July in Frankenville

 
 
 


I'm teaching a summer course in critical reading and, sadly, had no control over the curriculum.  Hence, I was forced to read and teach Mary Shelley's Frankenstein.  It was truly painful to wrap my head around this book -- Dr. Frankenstein is an abhorrent character.  Not only does he abandon his monster/creation, but he lets everyone he loves become the monster's victim rather than confess to the crime of creation.  Yes, he was the true monster of this novel.  End of story, and I wish I could have all those hours back.  At least I'm being compensated for the hours I have to teach this novel and feign interest in Shelley's anything-but-subtle writing.  (Oh no, another storm -- the monster must be coming!)  Rarely am I so crabby about reading a classic, but I've had so little time to read lately that having to read a horrid classic seems like a huge waste of time.  At least I can identify with my students when they moan about the book and can model how to find redeeming lessons in a dull novel (like what not to do when writing and how to dissect sentences that are 20 lines long).  Sadly, it gets worse.  When this novel is finished, I'm being forced to teach The Road by mysoginist Cormac McCarthy.  I guess this has become my summer of monsters.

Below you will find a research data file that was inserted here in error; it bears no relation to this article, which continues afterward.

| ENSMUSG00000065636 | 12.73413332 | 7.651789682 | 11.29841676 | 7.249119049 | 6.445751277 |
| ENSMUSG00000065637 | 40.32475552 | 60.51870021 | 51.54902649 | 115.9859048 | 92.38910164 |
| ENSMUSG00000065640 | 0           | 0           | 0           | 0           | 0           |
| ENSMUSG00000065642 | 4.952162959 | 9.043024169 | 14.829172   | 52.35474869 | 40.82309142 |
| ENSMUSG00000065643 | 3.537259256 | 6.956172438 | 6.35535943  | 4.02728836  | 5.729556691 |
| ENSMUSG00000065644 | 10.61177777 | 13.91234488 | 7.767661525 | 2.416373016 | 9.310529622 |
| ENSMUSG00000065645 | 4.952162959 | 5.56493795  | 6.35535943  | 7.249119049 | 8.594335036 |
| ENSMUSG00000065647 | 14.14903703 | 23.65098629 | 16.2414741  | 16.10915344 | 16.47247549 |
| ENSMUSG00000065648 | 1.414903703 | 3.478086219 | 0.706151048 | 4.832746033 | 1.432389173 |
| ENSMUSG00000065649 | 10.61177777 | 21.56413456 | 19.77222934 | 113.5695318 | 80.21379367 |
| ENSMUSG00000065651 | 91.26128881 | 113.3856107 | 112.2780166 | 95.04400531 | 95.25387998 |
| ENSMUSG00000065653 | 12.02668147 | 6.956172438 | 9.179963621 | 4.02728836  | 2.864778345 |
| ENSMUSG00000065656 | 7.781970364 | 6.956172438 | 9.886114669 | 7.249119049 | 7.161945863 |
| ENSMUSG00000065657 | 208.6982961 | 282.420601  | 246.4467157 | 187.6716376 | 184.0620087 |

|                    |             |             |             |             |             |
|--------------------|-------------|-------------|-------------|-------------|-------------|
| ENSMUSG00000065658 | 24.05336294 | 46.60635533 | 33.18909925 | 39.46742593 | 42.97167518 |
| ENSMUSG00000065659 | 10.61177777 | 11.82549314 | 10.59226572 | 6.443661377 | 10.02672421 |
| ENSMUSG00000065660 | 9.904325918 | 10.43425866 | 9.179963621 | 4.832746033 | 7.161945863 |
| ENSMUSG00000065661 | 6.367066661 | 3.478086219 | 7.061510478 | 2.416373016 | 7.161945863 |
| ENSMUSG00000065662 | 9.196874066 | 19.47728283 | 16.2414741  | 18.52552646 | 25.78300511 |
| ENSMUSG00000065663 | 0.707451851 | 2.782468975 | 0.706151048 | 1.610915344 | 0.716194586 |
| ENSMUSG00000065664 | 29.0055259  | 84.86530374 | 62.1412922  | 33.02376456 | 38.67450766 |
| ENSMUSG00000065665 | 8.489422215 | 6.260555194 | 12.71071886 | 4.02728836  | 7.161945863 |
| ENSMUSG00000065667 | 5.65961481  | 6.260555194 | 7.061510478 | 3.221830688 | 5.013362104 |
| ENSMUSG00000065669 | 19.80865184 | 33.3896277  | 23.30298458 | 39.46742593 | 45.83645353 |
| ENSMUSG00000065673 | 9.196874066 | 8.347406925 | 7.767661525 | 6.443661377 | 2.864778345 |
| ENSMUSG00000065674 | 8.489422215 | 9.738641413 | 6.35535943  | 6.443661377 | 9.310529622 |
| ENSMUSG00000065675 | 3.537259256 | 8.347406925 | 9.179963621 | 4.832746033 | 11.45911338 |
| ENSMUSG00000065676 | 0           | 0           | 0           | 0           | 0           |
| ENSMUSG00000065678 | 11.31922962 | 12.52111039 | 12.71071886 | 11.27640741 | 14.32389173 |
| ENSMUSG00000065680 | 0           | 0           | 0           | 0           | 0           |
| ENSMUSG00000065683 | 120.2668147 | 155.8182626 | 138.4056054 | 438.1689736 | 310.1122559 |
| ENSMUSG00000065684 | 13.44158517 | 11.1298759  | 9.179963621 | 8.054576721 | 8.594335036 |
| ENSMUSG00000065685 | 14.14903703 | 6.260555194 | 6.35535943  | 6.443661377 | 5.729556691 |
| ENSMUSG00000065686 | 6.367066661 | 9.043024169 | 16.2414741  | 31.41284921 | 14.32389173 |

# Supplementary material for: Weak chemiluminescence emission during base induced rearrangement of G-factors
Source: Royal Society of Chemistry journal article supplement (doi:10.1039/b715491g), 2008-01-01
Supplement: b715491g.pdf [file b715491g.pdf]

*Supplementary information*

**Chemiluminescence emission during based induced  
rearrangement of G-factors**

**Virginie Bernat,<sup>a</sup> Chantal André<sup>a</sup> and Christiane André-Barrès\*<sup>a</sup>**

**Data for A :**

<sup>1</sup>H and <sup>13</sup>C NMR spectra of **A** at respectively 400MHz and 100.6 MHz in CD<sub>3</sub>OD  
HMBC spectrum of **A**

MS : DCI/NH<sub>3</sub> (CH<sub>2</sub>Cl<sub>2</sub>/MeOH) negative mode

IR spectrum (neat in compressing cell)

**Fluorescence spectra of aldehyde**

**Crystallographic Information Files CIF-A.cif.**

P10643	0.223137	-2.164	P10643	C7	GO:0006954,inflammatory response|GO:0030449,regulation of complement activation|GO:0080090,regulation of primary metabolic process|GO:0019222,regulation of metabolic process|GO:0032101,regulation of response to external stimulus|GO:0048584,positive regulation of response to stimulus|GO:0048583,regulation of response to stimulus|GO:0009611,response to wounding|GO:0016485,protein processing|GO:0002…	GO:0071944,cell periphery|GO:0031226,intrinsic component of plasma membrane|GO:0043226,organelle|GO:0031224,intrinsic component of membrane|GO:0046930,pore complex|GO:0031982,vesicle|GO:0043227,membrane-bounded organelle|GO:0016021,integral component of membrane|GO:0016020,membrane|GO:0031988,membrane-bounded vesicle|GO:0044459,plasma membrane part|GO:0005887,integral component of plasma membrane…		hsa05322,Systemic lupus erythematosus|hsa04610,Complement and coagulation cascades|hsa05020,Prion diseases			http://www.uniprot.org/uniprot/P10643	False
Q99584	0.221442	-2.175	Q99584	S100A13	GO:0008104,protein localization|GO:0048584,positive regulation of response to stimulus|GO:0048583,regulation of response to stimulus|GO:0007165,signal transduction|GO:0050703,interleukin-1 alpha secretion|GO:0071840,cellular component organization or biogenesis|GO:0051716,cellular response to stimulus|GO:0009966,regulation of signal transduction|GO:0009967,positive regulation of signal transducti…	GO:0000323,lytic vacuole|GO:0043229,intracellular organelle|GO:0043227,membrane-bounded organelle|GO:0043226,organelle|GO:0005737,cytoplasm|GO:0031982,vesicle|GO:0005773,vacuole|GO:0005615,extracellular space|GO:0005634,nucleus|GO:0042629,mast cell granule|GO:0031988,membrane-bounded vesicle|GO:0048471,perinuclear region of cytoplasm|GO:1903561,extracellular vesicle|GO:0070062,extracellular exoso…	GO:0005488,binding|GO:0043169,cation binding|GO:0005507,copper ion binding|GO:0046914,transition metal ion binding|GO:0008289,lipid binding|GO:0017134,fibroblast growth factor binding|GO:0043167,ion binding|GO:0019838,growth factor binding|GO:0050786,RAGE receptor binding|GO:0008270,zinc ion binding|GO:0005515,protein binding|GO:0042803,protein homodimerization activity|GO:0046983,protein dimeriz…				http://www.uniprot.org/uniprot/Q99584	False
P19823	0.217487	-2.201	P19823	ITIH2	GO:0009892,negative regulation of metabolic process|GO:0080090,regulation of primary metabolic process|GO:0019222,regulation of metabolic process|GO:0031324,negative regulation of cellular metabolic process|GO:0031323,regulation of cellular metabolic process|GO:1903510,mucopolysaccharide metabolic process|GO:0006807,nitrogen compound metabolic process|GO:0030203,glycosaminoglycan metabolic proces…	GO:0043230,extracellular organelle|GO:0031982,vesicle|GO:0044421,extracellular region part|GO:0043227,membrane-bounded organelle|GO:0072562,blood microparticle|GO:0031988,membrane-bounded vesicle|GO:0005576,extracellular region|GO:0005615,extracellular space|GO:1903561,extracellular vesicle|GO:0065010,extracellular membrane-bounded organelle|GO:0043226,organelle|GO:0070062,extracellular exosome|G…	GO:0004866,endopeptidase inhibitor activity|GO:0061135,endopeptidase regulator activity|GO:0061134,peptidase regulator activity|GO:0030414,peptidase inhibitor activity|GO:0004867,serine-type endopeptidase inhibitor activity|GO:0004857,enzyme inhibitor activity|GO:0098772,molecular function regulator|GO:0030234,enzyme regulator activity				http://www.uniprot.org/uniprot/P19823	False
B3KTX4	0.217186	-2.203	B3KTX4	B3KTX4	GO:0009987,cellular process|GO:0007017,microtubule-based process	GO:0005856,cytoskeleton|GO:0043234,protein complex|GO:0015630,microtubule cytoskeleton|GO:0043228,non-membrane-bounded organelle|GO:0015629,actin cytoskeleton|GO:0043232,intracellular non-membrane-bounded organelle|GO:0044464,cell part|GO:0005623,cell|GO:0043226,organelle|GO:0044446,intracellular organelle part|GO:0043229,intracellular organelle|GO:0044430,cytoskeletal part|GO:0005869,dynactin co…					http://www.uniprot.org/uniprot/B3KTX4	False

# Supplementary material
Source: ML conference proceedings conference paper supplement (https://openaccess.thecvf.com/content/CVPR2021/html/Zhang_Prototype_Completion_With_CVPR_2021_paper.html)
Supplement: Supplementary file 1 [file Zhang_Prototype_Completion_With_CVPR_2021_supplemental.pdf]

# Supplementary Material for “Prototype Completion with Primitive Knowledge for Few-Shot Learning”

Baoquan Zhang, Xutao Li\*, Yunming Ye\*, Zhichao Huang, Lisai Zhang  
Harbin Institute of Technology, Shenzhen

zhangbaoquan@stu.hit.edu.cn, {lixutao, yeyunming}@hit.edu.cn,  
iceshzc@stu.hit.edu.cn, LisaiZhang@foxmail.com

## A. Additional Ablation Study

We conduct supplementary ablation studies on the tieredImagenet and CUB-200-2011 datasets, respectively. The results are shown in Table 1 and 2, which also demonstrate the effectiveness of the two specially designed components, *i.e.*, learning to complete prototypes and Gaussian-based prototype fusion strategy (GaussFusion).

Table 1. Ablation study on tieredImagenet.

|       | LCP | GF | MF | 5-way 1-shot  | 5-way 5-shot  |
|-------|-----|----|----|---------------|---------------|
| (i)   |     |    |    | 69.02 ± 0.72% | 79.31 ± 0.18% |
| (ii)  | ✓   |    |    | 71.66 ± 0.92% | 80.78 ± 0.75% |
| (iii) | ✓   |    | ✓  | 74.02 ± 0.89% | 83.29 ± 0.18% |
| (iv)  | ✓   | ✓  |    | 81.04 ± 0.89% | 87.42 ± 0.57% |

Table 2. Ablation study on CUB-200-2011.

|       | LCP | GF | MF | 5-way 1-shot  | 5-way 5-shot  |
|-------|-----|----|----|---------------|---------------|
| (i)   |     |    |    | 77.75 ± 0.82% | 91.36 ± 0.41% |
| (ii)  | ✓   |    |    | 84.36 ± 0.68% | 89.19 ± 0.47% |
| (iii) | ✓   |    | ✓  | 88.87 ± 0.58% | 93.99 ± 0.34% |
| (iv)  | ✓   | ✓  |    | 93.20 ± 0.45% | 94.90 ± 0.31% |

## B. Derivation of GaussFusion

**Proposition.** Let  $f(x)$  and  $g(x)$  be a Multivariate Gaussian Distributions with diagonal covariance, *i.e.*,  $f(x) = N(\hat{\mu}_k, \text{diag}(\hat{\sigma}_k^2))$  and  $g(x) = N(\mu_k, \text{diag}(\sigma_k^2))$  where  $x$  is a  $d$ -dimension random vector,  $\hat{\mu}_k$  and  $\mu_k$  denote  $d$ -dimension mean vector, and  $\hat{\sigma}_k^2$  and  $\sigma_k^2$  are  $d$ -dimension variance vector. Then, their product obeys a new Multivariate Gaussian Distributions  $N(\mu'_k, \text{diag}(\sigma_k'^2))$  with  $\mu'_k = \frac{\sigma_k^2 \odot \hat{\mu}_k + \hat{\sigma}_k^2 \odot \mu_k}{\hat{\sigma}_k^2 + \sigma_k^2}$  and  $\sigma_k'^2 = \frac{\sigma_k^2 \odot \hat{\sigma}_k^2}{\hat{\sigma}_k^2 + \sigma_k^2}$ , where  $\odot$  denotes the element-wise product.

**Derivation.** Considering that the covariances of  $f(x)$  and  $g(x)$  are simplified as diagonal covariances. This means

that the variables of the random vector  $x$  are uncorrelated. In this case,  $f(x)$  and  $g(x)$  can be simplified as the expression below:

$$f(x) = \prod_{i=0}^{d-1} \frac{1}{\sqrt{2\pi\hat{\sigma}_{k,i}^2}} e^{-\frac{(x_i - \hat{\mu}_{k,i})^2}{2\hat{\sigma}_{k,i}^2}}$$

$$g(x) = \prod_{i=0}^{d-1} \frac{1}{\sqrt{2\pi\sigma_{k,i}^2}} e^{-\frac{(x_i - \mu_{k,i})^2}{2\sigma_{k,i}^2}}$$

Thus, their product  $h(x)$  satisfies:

Open Letters Monthly: an anthology, 2007-2010
John Cotter, editor
(Lulu, 2010)


As an indication of just how distracted I was this past spring, I neglected to publicize the fact that my review of From Newbury  with Love appears in the recently published Open Letters Monthly Anthology.   A review of this anthology was just posted by Daniel Pritchard here in the latest edition of The Critical Flame.  Also, Mark Athitakis, NBCC Board Member, just posted an interview with Steve Donoghue, one of my Open Letters editors, in the Critical Mass blog.  It's quite thrilling to have all this attention paid to Open Letters Monthly.  I'm proud to be associated with this fine journal and honored to have my work included in its anthology.  If you're interested in supporting Open Letters, or just interested in reading some damn-fine reviews, you can pop on over to Lulu and pick up a copy of this anthology.  Thanks! 

2017

 

2017
by Olga Slavnikova 
translated by Marian Schwartz
(The Overlook Press, 2010)

 

It wouldn't be summer if I didn't pick up a Russian novel.  Though I received my review copy of 2017 by Olga Slavnikova back in March, I decided to save it for summer.  Instead of dipping my brain into Lit  Light, I prefer the dark, soulfulness of Russian Lit during the blazing heat (or cool fog) of summer. (There must be a support group for people like me).  

My favorite Russian translator, Marian Schwartz, did the translation for this 2006 Book prize winning novel.  True to form, she lets the Russian language penetrate each English line.  This leads to moments of intense lyricism ...

"He remembered both the reseved seats on the train, which was permeated throughout with sadness of the long sunset lying low over the steppe, and the unfamiliar taste of crooked green apples bought at the station -- a taste like cotton wool and medicine from the pharmacy."

... and occasionally, when the lyricism takes over, makes one abandon the need to make sense of what one's reading.  

"Krylov saw a petrified cinema that demonstrated the struggle between the oriented field of the crystal, its unimaginably slow rocket launch, accomplished in its own time, into space, and the chaos of horizontal events and ordinary time crumbled into small coarse bits."